‘The Blacklist’: Some Say the Alaskan Triangle Might Actually Be True

by Jeremy Spirogis
The Blacklist

Leave it to a present like The Blacklist to maintain viewers pondering for weeks (and months) on finish. Season 7 of the NBC crime collection explored a longtime conspiracy concept that revolves round an Alaskan thriller. Is any of it true?

Agent Alina Park took ‘The Blacklist’ to Alaska

The Blacklist
Megan Boone as Elizabeth Keen | Virginia Sherwood/NBC/NBCU Photo Bank

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Season 7 of The Blacklist dwindled towards the beginning of the coronavirus (COVID-19) pandemic. So, producers introduced on Laura Sohn full-time as the brand new FBI Agent, Alina Park. She appeared in season 6 however was promoted to recurring character standing. This means followers will get to raised know her character in season 8.

Though she seems to work “by-the-book” on the floor, Agent Park has a mysterious previous that erupted greater than as soon as. The collection doesn’t sometimes discover supporting characters’ backstories however would possibly for an episode or two.

Such was the case with Agent Park. The job power staff despatched her to Alaska within the episode, “Twamie Ullulaq.” It started with Raymond “Red” Reddington (James Spader) asking the staff to look into vans that had gone lacking in The Alaska Triangle.

The present itself ended with a solved thriller (in fact). But, some puzzled if the Alaska Triangle is actual?

The Alaska Triangle is allegedly answerable for over 16,000 disappearances

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Like theories concerning the Bermuda Triangle, the Alaska Triangle has been linked to 1000’s of lacking individuals. This additionally consists of the disappearances of planes and boats. Many of the instances can’t be defined. According to some, the Alaska Triangle is a cursed place.

Theories gained traction in 1972 when a non-public airplane, carrying U.S. House Majority Leader Hale Boggs, Alaska Congressman Nick Begich, an aide, Russell Brown, and pilot, Don Jonz, vanished throughout a route from Anchorage to Juneau.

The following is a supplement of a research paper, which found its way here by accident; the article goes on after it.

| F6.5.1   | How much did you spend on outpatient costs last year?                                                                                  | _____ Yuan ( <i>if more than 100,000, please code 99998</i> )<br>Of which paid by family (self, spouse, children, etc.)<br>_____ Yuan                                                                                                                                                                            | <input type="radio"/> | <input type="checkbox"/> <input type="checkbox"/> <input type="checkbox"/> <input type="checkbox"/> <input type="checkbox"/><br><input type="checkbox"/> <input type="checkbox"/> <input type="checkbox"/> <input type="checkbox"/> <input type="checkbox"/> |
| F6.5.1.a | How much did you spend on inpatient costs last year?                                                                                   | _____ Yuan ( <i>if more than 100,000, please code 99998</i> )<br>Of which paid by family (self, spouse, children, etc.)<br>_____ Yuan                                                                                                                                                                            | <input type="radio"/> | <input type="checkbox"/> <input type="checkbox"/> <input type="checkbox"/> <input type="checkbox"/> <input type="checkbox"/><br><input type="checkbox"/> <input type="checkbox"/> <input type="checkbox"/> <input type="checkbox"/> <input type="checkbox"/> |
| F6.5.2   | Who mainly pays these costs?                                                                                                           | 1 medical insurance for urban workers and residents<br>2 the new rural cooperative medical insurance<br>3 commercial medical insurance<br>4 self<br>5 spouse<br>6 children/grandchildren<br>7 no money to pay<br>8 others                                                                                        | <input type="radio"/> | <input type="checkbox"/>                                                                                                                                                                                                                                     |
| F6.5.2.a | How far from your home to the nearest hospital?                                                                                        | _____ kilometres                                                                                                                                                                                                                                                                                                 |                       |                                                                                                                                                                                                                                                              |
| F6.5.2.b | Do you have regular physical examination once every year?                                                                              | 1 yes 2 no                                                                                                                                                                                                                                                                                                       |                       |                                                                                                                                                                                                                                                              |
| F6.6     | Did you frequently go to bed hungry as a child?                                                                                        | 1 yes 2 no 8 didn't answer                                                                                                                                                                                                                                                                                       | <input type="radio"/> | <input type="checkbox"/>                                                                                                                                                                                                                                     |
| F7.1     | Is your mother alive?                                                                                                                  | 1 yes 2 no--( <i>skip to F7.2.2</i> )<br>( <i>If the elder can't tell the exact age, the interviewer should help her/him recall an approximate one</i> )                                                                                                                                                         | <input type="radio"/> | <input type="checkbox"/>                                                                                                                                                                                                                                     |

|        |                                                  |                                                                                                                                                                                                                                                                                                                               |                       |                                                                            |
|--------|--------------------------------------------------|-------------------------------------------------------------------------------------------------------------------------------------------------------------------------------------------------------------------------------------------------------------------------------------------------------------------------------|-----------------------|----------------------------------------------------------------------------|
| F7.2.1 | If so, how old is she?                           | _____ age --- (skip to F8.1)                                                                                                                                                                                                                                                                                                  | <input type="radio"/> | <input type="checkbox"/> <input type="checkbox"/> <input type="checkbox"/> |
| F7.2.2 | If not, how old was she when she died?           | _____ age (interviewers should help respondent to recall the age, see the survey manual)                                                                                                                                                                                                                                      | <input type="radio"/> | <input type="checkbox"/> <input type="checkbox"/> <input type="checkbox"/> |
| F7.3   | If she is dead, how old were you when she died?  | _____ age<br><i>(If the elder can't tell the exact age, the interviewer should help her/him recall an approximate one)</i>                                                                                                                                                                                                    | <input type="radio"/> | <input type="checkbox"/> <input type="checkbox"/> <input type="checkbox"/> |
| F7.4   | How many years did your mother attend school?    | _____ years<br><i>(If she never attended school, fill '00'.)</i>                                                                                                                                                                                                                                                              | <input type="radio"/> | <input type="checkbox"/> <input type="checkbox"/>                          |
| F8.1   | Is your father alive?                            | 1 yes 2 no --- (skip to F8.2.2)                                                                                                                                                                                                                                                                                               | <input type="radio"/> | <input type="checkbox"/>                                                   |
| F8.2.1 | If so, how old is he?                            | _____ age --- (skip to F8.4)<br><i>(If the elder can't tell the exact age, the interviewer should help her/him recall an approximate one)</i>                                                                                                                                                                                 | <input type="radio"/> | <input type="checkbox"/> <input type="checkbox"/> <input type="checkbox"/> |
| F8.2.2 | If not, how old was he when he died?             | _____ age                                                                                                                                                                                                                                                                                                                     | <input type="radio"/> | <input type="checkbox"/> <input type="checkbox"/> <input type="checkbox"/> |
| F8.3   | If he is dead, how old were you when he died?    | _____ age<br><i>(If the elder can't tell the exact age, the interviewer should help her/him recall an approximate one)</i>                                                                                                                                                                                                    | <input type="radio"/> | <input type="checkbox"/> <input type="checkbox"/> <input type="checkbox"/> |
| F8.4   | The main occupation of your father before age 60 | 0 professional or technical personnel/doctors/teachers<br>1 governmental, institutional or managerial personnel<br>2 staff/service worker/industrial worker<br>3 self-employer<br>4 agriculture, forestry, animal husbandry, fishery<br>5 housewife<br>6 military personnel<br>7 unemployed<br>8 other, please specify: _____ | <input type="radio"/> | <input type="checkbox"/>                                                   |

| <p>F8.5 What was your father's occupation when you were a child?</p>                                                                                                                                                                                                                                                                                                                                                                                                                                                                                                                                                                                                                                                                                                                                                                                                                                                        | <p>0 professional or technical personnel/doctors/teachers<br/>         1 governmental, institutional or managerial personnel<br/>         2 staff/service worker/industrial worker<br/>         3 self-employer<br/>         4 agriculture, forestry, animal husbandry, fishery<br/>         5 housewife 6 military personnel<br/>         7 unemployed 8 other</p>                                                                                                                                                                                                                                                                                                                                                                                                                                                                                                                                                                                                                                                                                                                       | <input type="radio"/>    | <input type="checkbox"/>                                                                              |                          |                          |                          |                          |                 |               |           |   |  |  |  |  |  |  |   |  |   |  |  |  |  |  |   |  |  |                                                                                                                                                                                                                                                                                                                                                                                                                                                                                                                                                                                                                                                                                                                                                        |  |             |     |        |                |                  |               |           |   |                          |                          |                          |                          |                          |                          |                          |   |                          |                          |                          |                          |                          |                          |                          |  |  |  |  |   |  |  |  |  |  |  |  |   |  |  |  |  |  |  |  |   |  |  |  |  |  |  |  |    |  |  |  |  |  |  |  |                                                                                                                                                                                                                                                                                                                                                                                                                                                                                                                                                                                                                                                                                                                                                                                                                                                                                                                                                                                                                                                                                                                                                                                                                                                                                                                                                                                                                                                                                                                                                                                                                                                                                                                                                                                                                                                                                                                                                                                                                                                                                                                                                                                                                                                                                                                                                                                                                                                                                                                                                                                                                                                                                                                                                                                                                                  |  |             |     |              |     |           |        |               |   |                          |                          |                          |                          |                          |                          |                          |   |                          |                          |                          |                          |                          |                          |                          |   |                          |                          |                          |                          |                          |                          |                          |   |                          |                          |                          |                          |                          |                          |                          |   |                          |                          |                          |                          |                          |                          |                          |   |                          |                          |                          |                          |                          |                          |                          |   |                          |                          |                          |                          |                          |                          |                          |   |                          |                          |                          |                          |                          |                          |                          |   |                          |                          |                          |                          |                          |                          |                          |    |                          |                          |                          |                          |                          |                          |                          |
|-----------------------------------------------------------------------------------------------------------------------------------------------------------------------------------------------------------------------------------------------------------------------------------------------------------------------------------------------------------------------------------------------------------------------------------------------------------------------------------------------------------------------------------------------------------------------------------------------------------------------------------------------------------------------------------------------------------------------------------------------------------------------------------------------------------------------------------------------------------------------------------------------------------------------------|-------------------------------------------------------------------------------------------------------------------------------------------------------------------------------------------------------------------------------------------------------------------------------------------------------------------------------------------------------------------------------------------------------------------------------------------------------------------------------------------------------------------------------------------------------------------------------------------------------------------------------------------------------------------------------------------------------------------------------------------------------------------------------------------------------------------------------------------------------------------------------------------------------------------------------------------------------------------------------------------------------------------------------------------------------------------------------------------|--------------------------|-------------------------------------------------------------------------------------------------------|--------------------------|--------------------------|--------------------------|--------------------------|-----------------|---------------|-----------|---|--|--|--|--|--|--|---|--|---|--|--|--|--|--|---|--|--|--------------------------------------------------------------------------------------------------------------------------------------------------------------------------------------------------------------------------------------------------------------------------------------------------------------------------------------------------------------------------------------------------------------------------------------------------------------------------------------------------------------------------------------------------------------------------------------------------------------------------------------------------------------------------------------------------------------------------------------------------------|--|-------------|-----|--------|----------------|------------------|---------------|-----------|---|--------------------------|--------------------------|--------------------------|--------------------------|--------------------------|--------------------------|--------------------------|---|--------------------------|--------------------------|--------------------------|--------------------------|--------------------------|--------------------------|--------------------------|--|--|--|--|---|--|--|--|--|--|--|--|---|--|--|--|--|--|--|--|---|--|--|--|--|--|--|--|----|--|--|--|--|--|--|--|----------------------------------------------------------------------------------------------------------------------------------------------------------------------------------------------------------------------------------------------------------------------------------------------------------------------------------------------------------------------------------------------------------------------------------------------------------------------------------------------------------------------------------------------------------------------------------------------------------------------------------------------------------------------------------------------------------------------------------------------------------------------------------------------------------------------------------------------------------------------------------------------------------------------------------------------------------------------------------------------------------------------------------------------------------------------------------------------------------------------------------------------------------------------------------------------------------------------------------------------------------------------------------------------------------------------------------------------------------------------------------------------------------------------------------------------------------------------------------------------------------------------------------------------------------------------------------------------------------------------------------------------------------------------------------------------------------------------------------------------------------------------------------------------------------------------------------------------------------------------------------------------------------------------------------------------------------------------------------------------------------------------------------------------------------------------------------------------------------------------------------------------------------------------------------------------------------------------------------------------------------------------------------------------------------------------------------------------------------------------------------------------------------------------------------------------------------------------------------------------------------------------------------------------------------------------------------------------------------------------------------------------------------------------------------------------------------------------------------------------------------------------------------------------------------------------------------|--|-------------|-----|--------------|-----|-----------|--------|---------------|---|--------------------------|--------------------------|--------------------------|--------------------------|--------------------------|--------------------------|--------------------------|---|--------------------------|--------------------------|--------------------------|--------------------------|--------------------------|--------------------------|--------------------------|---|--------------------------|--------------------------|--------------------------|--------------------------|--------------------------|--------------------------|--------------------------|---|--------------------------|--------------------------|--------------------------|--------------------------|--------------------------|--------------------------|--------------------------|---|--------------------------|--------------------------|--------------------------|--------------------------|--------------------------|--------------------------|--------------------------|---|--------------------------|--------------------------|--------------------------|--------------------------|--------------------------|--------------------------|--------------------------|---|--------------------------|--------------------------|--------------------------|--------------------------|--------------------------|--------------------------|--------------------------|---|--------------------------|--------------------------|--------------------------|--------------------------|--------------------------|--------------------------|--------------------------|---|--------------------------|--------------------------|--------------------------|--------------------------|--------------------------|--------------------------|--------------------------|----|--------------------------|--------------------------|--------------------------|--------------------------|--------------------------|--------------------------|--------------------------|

According to a number of retailers, authorities utilized dozens of army and civilian planes and boats to look over 32,000 sq. miles. They couldn’t find the downed airplane or particles. It wasn’t the primary or the final.

Over the years, extra planes and other people disappeared — over 16,000 up to now. The space alone is answerable for greater than twice the lacking individual’s fee of the nation as an entire.

The mysteries are so weird, the Travel Channel developed a docuseries about numerous instances inside the space. Much of the disappearances are blamed on a large number of phenomenons corresponding to UFOs, vitality vortexes, and the shape-shifting demon Tlingit Indian lore referred to as Kushtak (talked about in The Blacklist).

Those who don’t purchase into the conspiracies say the atmosphere is in charge. The Alaska Triangle is full of dense forestry, mountains, glaciers, and snow. Explanations embody avalanches and wild animal assaults to argue no indicators of life. Either means, The Blacklist didn’t dive too deeply into the “what-ifs.”

What a ‘Blacklist’ author revealed in regards to the episode

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Arguments about whether or not the Alaska Triangle will seemingly by no means finish. In the meantime, The Blacklist author, Daniel Cerone, live-tweeted the episode, filling followers in on a number of behind-the-scenes particulars.

Naturally, a number of viewers with their very own Alaskan ties had a number of issues over the accuracy of the episode.

“We were so excited to shoot an episode with snow and then wouldn’t you know it New York wouldn’t cooperate. Had to create most of the snow you see. #TheBlacklist,” he wrote.

“That lake was supposed to be frozen. But, again, New York wouldn’t cooperate, weather-wise. #TheBlacklist,” he continued, including that they filmed some scenes on a sound stage in New York — not on location within the Alaskan wilderness.

None of this solves whether or not there’s any reality to the theories surrounding the Alaska Triangle mysteries. Nonetheless, this episode of The Blacklist did what it was speculated to do — entertain.

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